I work in a prominent Ontario theatre. With the exception of a few untoward ‘darlings’ and ‘sweethearts’ this theatre season, I have not experienced anything more than slightly unwelcome when it comes to sexually-derived comments from men. I have always felt confident that if a man were to say something terribly inappropriate, I could tell him off quite sternly. But what happens when the unwanted attention comes from an elderly man?
In the tourist industry, September tourists are known as the white wave (please note that this is a reference to hair colour and not race). School is back in session, and elderly travelers are out in full force.
On my night off this month, I attended a theatre production. At intermission, the elderly couple next to me decided to stay in their seats, so I got up and shuffled in front of them. In order to ‘help me along,’ the gentleman placed his hand on my waist while I walked by. I didn’t know what to do…so I did nothing. Not my proudest moment. When I mentioned what happened to my theatre companion, she answered with ‘ew,’ but nothing more was said. At the theatre bar, we picked up some intermission drinks. It was very crowded, so I attempted to back slowly away from the bar to find somewhere to turn around. I backed into an old man behind me, and he proceeded to grab my waist, then moved one hand down to my hip for a light squeeze. This was apparently an attempt to ensure I did not bump him. I felt slightly ill, but again did nothing.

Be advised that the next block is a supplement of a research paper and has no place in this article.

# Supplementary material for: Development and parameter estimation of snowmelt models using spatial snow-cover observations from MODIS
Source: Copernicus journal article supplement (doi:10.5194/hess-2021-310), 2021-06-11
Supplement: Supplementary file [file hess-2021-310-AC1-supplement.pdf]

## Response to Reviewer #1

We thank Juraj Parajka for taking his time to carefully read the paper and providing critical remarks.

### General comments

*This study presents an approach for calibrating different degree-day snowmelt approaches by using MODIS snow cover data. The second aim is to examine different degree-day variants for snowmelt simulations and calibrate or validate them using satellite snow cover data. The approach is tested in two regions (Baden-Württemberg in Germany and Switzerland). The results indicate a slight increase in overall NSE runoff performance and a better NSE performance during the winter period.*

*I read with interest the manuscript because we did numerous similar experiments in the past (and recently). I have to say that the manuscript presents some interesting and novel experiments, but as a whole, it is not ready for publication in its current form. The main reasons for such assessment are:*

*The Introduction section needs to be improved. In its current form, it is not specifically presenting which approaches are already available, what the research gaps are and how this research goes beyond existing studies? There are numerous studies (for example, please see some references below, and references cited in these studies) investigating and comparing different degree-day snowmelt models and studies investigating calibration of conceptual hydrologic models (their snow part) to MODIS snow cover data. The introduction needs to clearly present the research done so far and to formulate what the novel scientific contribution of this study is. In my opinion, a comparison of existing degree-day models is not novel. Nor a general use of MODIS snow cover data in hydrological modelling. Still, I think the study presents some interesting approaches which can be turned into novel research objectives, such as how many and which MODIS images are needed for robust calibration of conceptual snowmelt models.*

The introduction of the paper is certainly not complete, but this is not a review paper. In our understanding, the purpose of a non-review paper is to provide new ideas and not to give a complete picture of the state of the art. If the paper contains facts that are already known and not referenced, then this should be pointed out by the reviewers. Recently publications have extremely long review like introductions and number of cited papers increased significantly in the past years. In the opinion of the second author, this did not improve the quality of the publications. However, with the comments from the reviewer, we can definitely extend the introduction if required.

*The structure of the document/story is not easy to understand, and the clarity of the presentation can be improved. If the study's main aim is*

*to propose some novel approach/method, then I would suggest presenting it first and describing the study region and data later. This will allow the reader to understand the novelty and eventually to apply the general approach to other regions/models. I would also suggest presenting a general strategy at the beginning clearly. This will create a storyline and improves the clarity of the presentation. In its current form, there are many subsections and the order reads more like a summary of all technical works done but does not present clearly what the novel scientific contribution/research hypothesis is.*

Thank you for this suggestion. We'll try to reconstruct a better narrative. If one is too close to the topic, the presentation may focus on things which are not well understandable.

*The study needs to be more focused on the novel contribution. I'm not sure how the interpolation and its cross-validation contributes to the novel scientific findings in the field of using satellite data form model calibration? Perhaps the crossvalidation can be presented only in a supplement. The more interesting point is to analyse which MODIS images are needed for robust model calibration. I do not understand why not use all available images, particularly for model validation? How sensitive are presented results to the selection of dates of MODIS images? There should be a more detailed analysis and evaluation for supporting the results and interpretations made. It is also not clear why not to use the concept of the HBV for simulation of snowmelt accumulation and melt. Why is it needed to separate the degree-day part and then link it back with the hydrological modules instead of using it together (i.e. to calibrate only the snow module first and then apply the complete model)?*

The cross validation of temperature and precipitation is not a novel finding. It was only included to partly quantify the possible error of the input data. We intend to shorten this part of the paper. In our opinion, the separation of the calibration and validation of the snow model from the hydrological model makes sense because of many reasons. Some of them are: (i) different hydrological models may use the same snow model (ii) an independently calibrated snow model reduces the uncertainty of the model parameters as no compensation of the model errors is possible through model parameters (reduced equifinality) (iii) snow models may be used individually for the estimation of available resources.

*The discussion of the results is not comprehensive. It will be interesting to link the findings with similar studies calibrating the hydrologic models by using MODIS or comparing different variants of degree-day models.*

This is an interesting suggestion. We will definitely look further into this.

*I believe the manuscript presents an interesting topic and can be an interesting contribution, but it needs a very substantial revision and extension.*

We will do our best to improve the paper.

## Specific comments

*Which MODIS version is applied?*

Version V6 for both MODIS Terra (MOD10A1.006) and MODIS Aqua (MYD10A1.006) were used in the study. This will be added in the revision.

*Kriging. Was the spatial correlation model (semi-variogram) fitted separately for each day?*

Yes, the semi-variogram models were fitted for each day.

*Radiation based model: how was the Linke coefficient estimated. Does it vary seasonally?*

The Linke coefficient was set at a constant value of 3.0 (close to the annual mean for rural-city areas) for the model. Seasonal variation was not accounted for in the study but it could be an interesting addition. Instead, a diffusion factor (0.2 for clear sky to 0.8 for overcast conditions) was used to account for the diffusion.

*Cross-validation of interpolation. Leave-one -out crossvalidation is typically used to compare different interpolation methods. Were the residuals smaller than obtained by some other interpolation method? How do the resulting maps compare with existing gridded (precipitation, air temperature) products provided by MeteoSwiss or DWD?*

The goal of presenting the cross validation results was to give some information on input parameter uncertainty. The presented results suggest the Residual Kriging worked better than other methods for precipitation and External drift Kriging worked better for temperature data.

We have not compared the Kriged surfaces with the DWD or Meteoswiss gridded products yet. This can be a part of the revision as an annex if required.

The following day, it was a similar crowd. I believe the house manager said that the average age of the audience that day was 85 – not a student in sight. As I was working behind the bar, I saw the house manager helping an elderly woman into her wheelchair. There was an old man sitting on the bench next to them, and as the manager was bent over the wheelchair, the man smacked her hard in the butt with his hand. She stood up shocked. Later, she told me that he had said: “I like it when you bend over in front of me, what do I need to do to get you to do it again?” His wife apologized, calling him a dirty old man, and the manager dismissed them, and left. He called after her “I’m not done with you yet.”
Why are we so quick to dismiss this behaviour when it comes from the elderly? I know my family is guilty of this too; my grandmother’s husband will often say sexist or racist things that make us all cringe, ‘but he’s 95’ so we don’t say anything.
What do we do? Do we wait for these old asses to die because, as the saying goes, you can’t teach an old dog new tricks? If a man doesn’t respect women by that age, can you change his mind? What worries me is, what are the younger generations learning from watching this behaviour go unchecked?
The media pardons older men too. Recently a 2006 recording of Hulk Hogan’s private conversation was leaked, and in it he uses the n-word to refer to his daughter’s boyfriend. While the WWE fired him, ABC gave him an interview in which he ‘apologized’ for his word-choice, but then totally tried to justify it.
“People need to realize that you inherit things from your environment. And where I grew up was south Tampa, Port Tampa, and it was a really rough neighborhood, very low income. And all my friends, we greeted each other saying that word.”
“Is it fair to say that you inherited a racial bias?” the host asked.
“I would say that is very fair, that was the environment I grew up in,” the 62-year-old said.
Really, people want to give him a pass for saying “I guess we’re all a little racist. Fucking n****r” and “I mean, I’d rather if she was going to f*ck some n****r, I’d rather have her marry an 8-foot-tall n****r”?
I guess the real question is: the next time an old man squeezes my hip, should I explain to him why it’s wrong (I’ll be prepared this time) or do I just punch him in the face?
Image credit: Tumblr/ithinkofdemons